A total of 88 per cent of the GPs questioned for the survey agreed that patients not being able to get legal or specialist advice about their problems was having a negative impact on their health either to a great extent or to some extent.
Likewise, a National Audit Office (NAO) report published in early 2014 warned that people who were no longer eligible to receive advice might well suffer health and other problems, which would have a knock-on impact on public services.
Even before the LASPO cuts of 2012 came in, the Justice Committee’s report on the Operation of the Family Courts 2011 made very sound observations and predicted these problems. The Law Society also repeatedly warned the MoJ about the impact of its cuts and the increased costs they would create elsewhere, but the Ministry turned a deaf ear.
In February last year the government was criticised by the Public Accounts Committee (PAC) and Justice Committee for not fully considering the consequences of implementing LASPO. Predictably, the concern among parliamentarians and legal professionals contrasted sharply with the sanguine attitude of justice ministers. In June 2015 Lord Faulks even described the reforms as “sensible and well-directed changes” and told the House of Lords that that the new government would not carry out an immediate review of the cuts. In fact, so comfortable was the MoJ with the implementation of LASPO that a “systematic review” was to be held back until 2018.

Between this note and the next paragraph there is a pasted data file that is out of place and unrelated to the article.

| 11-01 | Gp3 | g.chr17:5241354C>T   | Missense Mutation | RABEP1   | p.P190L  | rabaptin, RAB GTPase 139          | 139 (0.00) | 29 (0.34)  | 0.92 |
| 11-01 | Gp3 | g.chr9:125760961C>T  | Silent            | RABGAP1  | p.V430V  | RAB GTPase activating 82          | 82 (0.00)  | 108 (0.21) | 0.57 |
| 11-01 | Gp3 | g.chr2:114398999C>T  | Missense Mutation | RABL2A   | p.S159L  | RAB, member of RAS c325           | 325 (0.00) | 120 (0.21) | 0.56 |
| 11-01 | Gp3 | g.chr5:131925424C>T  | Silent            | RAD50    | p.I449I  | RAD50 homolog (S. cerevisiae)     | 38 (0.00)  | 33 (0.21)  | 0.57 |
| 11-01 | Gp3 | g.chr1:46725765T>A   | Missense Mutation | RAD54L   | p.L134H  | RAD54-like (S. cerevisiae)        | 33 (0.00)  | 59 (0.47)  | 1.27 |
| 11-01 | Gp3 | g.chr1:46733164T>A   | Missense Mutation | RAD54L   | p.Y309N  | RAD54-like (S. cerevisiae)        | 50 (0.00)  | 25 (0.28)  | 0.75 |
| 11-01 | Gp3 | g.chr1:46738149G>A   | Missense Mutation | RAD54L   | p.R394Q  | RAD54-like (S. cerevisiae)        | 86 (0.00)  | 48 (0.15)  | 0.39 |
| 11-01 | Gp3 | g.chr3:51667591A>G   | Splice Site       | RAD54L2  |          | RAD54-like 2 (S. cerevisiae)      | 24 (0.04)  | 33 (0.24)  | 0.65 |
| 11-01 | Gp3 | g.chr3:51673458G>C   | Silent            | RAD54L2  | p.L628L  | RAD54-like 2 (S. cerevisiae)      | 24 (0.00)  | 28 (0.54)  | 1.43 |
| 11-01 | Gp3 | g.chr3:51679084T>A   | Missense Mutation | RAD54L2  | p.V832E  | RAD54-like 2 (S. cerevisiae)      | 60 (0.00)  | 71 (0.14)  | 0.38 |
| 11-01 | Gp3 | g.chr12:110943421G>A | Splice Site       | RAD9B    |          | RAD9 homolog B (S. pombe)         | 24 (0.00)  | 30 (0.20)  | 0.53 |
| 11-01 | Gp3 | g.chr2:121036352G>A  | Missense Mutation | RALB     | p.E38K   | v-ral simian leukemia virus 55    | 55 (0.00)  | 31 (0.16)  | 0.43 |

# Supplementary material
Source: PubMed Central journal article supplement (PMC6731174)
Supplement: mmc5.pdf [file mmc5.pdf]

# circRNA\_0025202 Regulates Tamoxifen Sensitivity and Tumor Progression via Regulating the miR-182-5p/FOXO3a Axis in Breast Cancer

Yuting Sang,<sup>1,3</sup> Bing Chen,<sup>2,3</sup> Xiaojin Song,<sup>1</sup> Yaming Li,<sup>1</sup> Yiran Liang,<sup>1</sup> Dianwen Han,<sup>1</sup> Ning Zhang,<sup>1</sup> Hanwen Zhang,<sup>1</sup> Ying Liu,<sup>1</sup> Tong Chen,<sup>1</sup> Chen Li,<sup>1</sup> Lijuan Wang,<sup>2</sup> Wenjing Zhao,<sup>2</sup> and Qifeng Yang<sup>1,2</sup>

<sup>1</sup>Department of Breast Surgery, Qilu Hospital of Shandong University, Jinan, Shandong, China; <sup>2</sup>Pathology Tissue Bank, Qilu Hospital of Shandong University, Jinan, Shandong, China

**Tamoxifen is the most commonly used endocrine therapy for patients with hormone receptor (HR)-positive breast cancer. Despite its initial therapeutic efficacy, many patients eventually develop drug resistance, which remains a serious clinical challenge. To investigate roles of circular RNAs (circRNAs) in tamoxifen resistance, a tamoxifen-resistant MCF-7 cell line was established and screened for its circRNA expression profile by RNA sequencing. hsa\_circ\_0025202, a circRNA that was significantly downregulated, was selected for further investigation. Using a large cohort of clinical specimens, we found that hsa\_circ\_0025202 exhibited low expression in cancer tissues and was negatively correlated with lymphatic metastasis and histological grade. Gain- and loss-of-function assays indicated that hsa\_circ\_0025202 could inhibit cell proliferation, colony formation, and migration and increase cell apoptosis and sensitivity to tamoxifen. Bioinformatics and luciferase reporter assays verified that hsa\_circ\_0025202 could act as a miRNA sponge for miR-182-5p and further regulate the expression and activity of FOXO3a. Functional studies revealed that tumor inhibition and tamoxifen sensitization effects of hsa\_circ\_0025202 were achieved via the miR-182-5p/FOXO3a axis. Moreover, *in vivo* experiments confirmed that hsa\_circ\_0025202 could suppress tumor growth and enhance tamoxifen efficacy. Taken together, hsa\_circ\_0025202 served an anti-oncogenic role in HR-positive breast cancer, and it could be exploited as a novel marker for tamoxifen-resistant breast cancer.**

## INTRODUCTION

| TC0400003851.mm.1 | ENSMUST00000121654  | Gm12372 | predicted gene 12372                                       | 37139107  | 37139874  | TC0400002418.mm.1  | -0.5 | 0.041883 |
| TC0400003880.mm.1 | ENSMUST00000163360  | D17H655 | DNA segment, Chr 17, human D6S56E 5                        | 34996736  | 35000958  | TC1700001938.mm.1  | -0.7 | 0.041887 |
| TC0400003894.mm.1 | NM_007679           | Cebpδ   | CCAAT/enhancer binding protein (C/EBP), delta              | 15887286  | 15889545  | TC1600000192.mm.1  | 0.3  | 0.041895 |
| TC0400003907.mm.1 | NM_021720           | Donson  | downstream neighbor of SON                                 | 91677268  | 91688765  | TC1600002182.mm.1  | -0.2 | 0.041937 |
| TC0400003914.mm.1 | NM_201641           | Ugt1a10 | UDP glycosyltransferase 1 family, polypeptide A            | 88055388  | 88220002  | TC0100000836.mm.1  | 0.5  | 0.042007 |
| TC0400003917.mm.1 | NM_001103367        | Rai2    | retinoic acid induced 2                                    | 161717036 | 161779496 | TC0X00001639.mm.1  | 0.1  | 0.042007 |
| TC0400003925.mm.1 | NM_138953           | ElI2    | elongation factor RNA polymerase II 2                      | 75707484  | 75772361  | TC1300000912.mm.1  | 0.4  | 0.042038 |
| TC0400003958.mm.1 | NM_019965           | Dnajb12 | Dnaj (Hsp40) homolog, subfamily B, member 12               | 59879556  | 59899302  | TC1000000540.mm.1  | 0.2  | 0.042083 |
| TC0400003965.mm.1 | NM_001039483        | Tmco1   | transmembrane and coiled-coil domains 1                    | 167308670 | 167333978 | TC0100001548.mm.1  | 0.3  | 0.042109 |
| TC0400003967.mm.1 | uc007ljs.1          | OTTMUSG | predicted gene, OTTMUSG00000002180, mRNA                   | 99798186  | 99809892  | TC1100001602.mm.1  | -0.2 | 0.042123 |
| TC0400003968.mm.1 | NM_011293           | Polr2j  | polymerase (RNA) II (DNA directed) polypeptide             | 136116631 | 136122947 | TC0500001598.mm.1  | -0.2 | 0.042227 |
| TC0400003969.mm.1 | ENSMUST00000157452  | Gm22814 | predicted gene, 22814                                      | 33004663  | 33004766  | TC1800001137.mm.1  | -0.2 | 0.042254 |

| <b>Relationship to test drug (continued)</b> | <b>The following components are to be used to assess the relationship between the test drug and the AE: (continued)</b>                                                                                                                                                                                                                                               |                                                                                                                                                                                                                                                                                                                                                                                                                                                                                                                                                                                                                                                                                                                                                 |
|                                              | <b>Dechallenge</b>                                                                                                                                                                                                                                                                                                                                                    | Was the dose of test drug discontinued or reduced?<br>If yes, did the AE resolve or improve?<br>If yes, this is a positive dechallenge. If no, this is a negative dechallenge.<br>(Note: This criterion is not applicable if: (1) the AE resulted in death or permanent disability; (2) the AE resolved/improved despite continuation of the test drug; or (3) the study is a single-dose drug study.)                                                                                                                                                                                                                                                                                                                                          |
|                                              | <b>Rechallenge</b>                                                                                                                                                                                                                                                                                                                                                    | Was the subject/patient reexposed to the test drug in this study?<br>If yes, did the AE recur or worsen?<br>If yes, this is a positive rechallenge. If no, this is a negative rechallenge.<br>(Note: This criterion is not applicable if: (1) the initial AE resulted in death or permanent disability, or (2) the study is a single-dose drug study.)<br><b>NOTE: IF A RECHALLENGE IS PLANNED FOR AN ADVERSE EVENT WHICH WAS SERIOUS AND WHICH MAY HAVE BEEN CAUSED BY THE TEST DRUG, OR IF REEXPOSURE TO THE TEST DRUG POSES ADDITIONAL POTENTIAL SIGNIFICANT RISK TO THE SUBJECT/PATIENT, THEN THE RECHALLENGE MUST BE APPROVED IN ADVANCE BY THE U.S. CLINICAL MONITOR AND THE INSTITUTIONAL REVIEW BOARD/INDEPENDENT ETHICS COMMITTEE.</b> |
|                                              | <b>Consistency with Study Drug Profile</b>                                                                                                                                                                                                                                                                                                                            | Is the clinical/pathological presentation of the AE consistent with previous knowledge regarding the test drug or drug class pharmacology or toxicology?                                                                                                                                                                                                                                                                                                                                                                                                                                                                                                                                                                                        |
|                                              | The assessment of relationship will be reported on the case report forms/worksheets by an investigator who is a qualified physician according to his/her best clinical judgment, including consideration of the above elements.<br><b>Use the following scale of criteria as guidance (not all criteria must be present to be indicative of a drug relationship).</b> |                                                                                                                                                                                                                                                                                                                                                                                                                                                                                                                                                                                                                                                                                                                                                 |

However, in a sharp about-turn, the Ministry of Justice (MoJ) revealed in mid November that the MoJ had carried out three research projects to assess the impact of the LASPO reforms, which would be published by the end of 2015.
It remains to be seen whether these reports acknowledge the growing number of people now struggling to navigate the family courts without legal assistance or knowledge of what support might be realistically available to them, in cases where solicitors would have previously resolved the issues via mediation or negotiation.